The defence against the majority of cyberattacks always boils down to a handful of recommendations:

1. Educate your resources. Security awareness is critical to empower yourself and your
practice staff with what they need to look out for;

2. Backup all your important data. This includes backups of all devices such
as desktops, laptops and mobile devices;

3. Keep your devices and security software up-to-date;

4. Replace unsupported hardware and software.
Vendors stop supporting and releasing security updates for legacy
software.
Examples are all Windows versions before 10 (8.1, 7 XP), Apple Mac OS
before the El Capitan, all Office versions before 2013;

5. Keep your passwords private, up-to-date and renew them regularly.

 

Coding Corner

Coding Chronic Obstructive Pulmonary Disease (COPD) /
Chronic Obstructive Airways Disease (COAD) and Emphysema

Code COPD / COAD and Emphysema separately when coding both, Chronic Obstructive Pulmonary Disease (COPD) / Chronic Obstructive Airways Disease (COAD) and Emphysema.

COPD / COAD and Emphysema have different aetiologies and treatments and cannot be coded using one code only.

The primary code would be determined by the main condition treated.

Example 1:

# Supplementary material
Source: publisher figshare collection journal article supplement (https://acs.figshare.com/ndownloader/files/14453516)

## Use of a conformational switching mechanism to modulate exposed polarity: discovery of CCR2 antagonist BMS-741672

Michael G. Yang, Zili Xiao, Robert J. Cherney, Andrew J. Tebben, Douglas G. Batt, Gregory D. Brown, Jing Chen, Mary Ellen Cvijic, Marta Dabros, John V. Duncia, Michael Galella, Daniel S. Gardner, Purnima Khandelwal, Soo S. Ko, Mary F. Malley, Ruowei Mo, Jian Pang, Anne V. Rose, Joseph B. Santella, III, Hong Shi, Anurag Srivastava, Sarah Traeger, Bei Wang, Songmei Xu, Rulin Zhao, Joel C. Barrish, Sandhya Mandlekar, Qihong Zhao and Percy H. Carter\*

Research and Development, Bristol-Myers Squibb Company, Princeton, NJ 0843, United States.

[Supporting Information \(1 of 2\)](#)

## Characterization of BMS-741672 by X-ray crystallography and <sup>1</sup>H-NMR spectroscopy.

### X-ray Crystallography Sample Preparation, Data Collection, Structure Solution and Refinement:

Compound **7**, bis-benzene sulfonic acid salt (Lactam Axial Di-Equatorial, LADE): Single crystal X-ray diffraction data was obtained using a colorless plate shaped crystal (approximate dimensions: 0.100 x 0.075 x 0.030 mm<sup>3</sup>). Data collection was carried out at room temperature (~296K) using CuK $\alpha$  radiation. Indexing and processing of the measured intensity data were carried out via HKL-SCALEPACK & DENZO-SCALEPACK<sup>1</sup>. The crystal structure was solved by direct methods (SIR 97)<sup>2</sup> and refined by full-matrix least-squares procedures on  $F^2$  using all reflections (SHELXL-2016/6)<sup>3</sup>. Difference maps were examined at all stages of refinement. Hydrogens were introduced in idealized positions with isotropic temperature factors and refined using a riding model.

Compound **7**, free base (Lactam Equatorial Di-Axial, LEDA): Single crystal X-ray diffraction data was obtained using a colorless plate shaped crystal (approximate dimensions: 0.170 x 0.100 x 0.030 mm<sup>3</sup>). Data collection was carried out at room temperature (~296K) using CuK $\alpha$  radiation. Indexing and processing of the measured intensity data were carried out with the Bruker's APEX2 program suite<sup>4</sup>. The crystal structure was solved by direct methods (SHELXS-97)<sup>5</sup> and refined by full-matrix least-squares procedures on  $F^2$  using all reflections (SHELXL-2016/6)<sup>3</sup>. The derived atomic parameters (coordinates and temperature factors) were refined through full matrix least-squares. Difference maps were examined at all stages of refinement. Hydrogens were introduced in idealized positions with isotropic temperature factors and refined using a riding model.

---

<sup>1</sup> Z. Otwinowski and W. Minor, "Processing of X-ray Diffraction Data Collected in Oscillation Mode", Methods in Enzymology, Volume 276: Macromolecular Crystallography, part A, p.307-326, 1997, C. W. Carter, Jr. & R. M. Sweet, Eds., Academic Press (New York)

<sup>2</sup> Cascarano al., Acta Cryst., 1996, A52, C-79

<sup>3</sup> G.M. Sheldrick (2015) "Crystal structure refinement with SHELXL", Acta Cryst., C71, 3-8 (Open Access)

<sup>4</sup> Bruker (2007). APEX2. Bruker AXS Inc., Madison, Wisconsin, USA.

Patient admitted with COPD and Emphysema

PDX: J44.9 Chronic obstructive pulmonary disease, unspecified
SDX: J43.9 Emphysema, unspecified

Example 2:

Patient admitted with chronic bronchitis with emphysema

PDX: J44.8 Other specified chronic obstructive pulmonary disease

Guidelines to take into consideration when determining the appropriate ICD-10 code:

Take note of the inclusion and exclusion notes below J43 and J44 in the tabular list (ICD-10 volume 1).

Emphysema with chronic bronchitis will be coded to J44.–.

Bronchitis

J20 Acute bronchitis versus J40 Bronchitis not specified as acute or chronic:

Bronchitis not specified as acute or chronic in those under 15 years of age can be assumed to be of acute nature and should be classified to J20.–.

Avian Flu

Code Z25.8: Need for immunization against other specified single viral diseases is the appropriate code to use to indicate vaccination for Avian flu.

 

Morphology codes

Recently the SpesNet Healthcare Helpline has been receiving calls from practices regarding the requirement of a Morphology code on an account.

Morphology codes are codes that indicate the characteristics of a tumour and were to be implemented as part of compulsory coding on 1 July 2014.

Please note that the implementation of this has been postponed indefinitely and was in fact never actioned.

No medical scheme can decline payment of an account due to the Morphology code not added to the account.

If there is a valid ICD-10 code on the account, the scheme should accept the code that was submitted.

Many schemes still have a warning on the remittance advice regarding the omission of a Morphology code, however, it should not be the reason for rejecting a claim.

If any practice experiences difficulty regarding this, please forward the detail to the Healthcare Helpline at healthcare@spesnet.co.za and include the name of the scheme, the query number and name of the contact person in order for SpesNet to take this up with the specific scheme.